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Patterns of reproduction, dispersal and recruitment in seaweeds
Santelices, B. (1990). Patterns of reproduction, dispersal and recruitment in seaweeds. Oceanogr. Mar. Biol. Ann. Rev. 28: 177-276
In: Oceanography and Marine Biology: An Annual Review. Aberdeen University Press/Allen & Unwin: London. ISSN 0078-3218, more
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    Dispersion; Recruitment; Reproduction; Seaweeds; Marine

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  • Santelices, B.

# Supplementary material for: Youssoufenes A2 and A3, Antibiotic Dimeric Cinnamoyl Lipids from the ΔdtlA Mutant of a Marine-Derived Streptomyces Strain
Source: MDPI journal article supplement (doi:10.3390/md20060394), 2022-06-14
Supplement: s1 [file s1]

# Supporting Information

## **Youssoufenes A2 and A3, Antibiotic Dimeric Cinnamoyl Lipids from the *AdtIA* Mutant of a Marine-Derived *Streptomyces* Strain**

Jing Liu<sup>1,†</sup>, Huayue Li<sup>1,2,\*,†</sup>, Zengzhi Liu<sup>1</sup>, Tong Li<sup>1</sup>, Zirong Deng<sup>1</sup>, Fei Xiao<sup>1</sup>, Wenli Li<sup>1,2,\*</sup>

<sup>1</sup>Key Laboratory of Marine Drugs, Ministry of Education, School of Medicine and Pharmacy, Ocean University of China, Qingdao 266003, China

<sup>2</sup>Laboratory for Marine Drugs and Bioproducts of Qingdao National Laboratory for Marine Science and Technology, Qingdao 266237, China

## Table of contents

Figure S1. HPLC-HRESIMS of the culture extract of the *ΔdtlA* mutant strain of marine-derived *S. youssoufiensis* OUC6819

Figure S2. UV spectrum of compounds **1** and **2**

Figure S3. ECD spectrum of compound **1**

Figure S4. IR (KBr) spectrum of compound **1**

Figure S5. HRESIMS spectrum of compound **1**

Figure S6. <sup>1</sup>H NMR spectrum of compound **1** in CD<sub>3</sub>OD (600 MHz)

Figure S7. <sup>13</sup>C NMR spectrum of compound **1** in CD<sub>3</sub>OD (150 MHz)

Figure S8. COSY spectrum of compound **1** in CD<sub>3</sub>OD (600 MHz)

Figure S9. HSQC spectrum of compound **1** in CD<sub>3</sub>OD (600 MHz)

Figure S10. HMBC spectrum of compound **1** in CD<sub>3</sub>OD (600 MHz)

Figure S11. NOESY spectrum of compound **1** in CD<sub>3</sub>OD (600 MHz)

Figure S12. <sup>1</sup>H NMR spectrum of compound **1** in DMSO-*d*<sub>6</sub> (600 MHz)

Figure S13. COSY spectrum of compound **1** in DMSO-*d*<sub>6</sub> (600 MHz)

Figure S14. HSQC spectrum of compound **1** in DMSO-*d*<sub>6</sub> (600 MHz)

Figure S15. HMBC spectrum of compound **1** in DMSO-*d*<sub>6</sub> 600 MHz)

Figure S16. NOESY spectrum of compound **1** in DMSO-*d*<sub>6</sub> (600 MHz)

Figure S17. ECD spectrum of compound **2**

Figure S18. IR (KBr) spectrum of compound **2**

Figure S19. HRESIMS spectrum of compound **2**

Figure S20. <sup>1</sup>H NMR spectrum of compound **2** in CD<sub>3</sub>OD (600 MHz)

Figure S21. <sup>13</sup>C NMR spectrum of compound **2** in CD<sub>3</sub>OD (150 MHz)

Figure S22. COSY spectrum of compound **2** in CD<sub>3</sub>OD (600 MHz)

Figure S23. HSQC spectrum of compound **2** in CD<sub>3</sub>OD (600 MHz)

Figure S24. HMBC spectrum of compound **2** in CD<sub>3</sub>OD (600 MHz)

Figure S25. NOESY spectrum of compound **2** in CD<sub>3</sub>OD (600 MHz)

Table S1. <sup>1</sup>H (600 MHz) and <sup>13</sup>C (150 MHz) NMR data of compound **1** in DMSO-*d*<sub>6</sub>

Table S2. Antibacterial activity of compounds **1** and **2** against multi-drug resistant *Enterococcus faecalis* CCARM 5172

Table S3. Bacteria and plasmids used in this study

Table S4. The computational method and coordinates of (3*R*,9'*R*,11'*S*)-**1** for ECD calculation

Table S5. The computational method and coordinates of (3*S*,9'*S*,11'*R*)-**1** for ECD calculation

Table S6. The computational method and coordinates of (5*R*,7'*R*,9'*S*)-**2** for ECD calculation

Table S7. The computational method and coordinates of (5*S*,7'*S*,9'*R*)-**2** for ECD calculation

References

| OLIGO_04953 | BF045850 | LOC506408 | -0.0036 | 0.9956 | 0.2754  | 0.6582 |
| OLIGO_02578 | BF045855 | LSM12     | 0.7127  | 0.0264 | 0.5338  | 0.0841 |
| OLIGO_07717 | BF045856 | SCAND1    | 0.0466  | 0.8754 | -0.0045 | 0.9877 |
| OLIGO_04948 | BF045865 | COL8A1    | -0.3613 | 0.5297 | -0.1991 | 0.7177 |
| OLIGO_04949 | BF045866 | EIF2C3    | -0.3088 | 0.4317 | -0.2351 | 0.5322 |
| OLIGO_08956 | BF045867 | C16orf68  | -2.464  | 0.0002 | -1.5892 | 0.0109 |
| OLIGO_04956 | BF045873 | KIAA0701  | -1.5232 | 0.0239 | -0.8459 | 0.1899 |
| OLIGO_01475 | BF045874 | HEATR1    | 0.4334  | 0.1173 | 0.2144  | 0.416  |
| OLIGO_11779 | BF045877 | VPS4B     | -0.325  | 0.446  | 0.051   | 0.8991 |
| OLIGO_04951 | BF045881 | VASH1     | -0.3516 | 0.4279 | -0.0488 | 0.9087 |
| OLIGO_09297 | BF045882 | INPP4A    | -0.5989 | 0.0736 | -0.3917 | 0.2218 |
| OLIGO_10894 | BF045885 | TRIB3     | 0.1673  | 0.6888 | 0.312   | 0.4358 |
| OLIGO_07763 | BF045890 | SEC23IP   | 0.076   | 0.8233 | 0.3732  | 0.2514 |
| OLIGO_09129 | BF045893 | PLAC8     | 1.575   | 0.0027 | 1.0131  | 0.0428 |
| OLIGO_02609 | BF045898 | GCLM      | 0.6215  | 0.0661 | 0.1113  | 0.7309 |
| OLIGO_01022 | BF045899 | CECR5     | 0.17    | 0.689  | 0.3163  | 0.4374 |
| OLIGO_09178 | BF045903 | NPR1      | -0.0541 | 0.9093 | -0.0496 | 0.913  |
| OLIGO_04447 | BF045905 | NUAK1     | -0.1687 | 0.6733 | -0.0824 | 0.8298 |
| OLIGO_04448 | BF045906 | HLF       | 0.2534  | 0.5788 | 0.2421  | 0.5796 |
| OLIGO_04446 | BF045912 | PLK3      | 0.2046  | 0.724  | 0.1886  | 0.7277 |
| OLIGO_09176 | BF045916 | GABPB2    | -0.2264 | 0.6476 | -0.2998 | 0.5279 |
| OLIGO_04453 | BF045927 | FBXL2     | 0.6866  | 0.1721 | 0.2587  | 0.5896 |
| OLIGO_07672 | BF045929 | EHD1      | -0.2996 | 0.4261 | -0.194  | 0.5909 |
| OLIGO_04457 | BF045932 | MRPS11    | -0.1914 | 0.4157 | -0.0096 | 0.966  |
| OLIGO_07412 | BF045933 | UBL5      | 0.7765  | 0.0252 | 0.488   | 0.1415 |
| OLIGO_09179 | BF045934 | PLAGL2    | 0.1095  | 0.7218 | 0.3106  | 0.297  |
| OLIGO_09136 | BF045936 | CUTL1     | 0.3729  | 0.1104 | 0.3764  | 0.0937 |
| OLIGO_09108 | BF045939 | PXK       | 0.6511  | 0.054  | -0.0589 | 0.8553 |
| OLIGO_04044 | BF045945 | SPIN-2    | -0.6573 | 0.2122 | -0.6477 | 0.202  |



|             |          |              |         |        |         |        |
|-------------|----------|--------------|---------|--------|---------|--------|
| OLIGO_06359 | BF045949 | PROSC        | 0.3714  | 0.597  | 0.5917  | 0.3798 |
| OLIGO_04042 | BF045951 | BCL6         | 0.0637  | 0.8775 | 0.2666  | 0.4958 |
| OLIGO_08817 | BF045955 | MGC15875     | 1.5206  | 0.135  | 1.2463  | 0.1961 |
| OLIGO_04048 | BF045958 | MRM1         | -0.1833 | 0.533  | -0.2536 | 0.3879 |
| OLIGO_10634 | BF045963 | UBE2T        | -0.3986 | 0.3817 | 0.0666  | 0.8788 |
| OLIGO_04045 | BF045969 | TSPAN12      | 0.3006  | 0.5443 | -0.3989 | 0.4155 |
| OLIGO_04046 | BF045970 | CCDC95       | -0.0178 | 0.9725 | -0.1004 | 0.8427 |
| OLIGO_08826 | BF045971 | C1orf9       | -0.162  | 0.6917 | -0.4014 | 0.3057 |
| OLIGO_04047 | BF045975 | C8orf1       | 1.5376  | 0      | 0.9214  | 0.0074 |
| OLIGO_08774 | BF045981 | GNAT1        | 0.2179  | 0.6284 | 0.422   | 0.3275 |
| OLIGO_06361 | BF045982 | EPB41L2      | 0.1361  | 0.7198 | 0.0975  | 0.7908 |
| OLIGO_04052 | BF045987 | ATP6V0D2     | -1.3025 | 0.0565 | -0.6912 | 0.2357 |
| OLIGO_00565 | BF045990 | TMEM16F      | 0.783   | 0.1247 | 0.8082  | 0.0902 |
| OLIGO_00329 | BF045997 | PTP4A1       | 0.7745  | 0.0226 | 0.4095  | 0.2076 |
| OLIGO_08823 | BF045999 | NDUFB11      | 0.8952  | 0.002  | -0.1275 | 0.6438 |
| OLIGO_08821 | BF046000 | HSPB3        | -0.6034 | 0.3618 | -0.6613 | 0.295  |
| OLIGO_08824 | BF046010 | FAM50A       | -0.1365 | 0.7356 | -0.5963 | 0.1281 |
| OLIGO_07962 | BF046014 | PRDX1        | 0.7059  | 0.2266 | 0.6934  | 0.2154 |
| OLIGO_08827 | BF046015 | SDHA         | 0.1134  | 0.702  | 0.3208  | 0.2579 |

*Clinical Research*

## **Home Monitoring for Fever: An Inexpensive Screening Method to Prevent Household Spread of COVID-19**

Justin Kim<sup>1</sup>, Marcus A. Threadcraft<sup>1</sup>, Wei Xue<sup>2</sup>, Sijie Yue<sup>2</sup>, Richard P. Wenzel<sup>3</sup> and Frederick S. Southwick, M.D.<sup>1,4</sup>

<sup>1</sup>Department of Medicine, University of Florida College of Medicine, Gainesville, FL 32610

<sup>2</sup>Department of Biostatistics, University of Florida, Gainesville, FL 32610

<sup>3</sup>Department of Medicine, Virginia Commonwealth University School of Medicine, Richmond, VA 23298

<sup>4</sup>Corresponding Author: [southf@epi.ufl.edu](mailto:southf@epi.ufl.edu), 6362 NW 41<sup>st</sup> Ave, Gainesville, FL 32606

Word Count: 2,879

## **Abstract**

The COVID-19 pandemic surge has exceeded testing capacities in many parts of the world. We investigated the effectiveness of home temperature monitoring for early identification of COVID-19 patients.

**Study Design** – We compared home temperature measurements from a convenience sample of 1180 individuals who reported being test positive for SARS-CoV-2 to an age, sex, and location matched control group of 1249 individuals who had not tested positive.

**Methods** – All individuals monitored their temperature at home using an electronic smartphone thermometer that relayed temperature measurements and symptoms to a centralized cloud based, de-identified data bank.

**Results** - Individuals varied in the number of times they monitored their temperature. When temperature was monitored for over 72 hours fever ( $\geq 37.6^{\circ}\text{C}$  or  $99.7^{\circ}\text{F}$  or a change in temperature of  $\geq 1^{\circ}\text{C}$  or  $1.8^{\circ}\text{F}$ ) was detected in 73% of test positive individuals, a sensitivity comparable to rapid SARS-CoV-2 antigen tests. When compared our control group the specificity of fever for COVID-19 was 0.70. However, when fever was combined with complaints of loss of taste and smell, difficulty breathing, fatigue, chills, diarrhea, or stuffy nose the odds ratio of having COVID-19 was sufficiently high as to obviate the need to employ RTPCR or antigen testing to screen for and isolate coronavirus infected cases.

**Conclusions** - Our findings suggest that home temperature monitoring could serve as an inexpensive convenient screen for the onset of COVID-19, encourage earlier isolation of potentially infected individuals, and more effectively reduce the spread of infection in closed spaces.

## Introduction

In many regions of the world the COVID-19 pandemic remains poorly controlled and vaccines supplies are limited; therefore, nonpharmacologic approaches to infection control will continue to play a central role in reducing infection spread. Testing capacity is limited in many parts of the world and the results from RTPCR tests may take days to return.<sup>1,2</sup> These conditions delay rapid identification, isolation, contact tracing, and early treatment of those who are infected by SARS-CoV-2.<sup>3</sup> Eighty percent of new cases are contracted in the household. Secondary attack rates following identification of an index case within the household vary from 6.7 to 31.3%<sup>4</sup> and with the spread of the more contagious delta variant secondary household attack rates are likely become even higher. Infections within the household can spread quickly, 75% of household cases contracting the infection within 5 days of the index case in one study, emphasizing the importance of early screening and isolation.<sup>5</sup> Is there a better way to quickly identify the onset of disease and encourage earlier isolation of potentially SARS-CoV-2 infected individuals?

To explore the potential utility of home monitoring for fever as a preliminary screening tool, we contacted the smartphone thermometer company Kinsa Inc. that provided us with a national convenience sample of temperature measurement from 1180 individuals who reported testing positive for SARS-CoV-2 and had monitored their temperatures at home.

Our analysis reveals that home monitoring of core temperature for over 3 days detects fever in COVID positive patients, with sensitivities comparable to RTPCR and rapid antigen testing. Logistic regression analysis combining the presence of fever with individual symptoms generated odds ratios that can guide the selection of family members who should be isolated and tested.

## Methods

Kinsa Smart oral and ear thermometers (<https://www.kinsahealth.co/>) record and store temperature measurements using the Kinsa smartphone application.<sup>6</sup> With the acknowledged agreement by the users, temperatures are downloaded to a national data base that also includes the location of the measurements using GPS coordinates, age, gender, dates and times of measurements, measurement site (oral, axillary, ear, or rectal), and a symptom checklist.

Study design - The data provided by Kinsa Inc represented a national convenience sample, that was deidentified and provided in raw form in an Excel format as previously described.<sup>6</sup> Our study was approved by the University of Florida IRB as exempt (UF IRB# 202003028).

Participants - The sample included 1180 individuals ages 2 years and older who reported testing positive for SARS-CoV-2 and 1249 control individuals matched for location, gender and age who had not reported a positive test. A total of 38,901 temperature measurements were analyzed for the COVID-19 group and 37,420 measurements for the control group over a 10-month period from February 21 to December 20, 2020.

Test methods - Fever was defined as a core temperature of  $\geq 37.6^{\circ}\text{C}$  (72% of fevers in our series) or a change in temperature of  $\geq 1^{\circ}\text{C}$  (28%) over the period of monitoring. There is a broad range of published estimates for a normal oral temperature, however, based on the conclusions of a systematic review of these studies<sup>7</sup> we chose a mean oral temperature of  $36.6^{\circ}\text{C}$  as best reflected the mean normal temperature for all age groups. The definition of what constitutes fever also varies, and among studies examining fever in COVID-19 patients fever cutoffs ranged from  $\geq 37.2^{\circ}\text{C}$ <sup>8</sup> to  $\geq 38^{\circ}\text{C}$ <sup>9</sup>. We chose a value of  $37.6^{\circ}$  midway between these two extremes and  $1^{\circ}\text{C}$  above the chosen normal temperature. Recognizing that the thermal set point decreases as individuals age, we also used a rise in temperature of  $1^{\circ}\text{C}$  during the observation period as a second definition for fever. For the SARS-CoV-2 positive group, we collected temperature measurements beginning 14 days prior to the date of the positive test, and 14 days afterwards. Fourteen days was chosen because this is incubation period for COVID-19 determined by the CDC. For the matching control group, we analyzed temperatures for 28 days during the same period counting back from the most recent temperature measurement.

Reproductive processes of seaweeds and patterns of propagule production and release, dispersal, settlement and recruitment are reviewed. Present interpretations of the adaptive values of life history aspects such as sexual and asexual reproduction, alternation of generations, isomorphic and heteromorphic cycles and relative allocation of resources to reproduction are discussed. The evidence concerning the abiotic control and the ontogenic, specific and seasonal patterns of propagule production and release are evaluated. The nature of the propagule releasing mechanisms, the morpho-physiological characteristics of the released propagules, their dispersability by biotic and abiotic agents and the factors influencing their settlement, attachment, germination and recruitment are analysed.Overall, the evidence indicates that concepts derived from studies with land plants do not completely explain the reproductive processes of seaweeds. Similarly, the ecophysiological responses of the free-floating propagules are also conspicuously different from the free living plankton to which they have been compared. The literature describes numerous processes that remain poorly understood. Examples are: the mechanisms of spore release; the biological basis for the reduced viability of algal spores; the roles of grazers on spore release and dispersal and the ecological importance of positive interspecific and intraspecific interactions on settlement and recruitment. In addition, numerous ecologically important phenomena have not been reported or studied. These include the nature and dynamics of the spore clouds, the turnover rates and ecological roles of the bank of microscopic forms, alternative ways of spore attachment and the adaptive significance of spore germination. A more realistic understanding of the reproduction, dispersal and recruitment processes of seaweeds will result if ecological concepts and methods are applied to them, with due consideration for their morphological, physiological and life-history characteristics.

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